President Benjamin Harrison and Indian Policy

In 1889 Benjamin Harrison, an attorney, Presbyterian church leader, and Civil War Brigadier General, was elected President of the United States. Harrison, a Republican, defeated incumbent President Grover Cleveland. In his brief inaugural address, Harrison credited the nation’s growth to the influences of education and religion (meaning Christianity). For his cabinet appointments, Harrison considered three important criteria: (1) Civil War service, (2) membership in the Presbyterian Church, and (3) Indiana citizenship.

With regard to Indian affairs, Harrison believed that Indians, like the other immigrants to the United States, should be fully assimilated into American society. Assimilation, of course, required Indians to speak English, to be Christian, to dress in non-Indian clothing, to acquire a notion of greed so that they would acquire private property, and to get rid of reservations and tribal governments. He believed that the Allotment Act (also known as the Dawes) act would help Indians into civilization by divesting them of their reservations and communally held land.

Like other Presidents, Harrison met with delegations of Indians. In 1892, Washo leader Captain Jim and his interpreter Dick Bender traveled to Washington where they met with Nevada and California senators and congressional representatives and President Benjamin Harrison. They were promised $1,000 for the immediate relief of the old and the infirm, but the money was never received.

The Commissioner of Indian Affairs:

The Commissioner of Indian Affairs was the person in American government who had direct responsibility for Indian affairs. The position, which was under the Secretary of the Interior, was a political appointment. For his Commissioner of Indian Affairs, President Harrison appointed Thomas Jefferson Morgan. Like most of his predecessors, Morgan had no experience in Indian affairs, little contact with actual Indians, and no understanding of Indian cultures. He was, however, a Baptist minister and an educator with a fervent belief that Christianity held the solution to the “Indian problem.”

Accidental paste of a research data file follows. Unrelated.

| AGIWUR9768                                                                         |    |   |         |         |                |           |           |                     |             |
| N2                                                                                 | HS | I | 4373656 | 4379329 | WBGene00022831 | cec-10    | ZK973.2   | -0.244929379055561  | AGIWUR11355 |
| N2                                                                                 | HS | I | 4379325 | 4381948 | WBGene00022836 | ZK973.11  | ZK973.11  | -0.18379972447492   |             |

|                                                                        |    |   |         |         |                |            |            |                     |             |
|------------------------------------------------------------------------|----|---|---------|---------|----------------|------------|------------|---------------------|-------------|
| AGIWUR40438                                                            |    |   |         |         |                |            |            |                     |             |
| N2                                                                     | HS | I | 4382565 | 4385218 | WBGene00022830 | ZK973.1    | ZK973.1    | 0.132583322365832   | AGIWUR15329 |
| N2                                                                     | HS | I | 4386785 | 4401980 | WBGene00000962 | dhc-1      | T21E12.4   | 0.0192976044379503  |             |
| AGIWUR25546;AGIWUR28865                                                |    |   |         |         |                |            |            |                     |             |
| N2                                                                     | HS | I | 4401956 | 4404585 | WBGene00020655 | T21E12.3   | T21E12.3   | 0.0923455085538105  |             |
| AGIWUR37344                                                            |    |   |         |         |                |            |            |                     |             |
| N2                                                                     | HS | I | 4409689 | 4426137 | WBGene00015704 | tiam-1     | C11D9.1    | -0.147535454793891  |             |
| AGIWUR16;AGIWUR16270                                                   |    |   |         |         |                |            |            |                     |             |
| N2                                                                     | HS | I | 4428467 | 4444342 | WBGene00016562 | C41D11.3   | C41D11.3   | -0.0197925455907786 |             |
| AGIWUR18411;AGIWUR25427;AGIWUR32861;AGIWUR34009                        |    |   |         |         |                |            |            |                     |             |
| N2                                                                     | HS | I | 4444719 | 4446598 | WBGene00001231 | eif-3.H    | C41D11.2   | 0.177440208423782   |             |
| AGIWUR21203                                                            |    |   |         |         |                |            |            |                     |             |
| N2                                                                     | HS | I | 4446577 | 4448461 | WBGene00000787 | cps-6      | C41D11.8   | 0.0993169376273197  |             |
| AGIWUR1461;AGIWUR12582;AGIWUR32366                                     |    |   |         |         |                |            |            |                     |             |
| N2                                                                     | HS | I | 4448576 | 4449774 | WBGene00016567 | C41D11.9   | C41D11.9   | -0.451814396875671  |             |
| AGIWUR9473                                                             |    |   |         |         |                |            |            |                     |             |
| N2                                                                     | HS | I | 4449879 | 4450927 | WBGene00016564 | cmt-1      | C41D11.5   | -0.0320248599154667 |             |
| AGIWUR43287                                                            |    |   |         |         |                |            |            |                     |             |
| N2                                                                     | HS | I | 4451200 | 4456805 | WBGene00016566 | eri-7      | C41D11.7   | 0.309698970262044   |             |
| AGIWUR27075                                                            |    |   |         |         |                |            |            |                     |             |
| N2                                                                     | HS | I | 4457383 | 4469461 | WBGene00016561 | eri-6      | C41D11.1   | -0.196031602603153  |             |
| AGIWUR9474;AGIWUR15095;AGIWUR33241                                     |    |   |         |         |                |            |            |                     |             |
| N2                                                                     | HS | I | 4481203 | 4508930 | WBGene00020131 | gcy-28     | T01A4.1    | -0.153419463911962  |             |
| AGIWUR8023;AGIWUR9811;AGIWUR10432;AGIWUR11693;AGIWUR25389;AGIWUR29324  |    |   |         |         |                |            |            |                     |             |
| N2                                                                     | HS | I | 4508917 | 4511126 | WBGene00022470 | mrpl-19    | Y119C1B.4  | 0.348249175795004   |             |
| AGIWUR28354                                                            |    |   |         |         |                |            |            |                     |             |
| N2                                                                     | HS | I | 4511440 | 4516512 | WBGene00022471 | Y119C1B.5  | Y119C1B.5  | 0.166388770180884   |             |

Morgan, who had served as an officer under Harrison in the Civil War, had contacted his old commander after Harrison won the Presidency asking to be appointed as Commissioner of Education. Instead, Harrison offered him the position of Commissioner of Indian Affairs, which Morgan accepted.

Shortly after becoming Commissioner of Indian Affairs, Morgan announced:  “When President Harrison tendered me the Indian Bureau, he said I wish you to administer it in such a way as will satisfy the Christian philanthropic sentiment of the country. That is the only charge I received from him.”

In his 1889 annual report, Indian Commissioner Thomas J. Morgan indicated that tribal relations should be broken up; that Indian social­ism be destroyed; and English be universally adopted. He writes:  “The Indians must conform to ‘the white man’s ways,’ peaceably if they will, forcibly if they must.”

In 1890, the Commissioner of Indian Affairs ordered traders to stop carrying playing cards. This was an effort to discourage gambling on the reservations.

Civil Service:

Four groups of Indian Service employees – physicians, school superintendents and assistant superintendents, school-teachers, and matrons – were placed under Civil Service Classifi­cations in 1891. One of the members of the Civil Service Commission, Theodore Roosevelt, advocated that Civil Service rules be modified so that Indians could be given preference for these positions.

The following year, Civil Service Rules were extended to cover superintendents and teachers in the Indian Service. School Superintendent Edwin Chalcraft explained:  “Prior to this time, Indian Agents made all those appointments, but from this date they were made by the Commissioner of Indian Affairs from names submitted to him by the Civil Service Committee in Washington, D.C. These rules prohibited the dismissal of employees for political or religious beliefs, but the Appointing Officer in Washington, D.C., could remove an employee for any other cause without giving him reason for doing so.”

Census:

The 1890 Census formally enumerated all of the Indians in the country. According to the Census, there were a total of 248,253 Indians in the United States: 58,806 were “Indians taxed” and 189,447 were “Indians not taxed.”

With regard to the difficulties in counting Indians, the Census Bureau reported: “Enumeration would be likely to pass by many who had been identified all their lives with the localities where found, and who lived like the adjacent whites without any inquiry as to their race, entering them as native born white.”

 Wovoka’s Ghost Dance: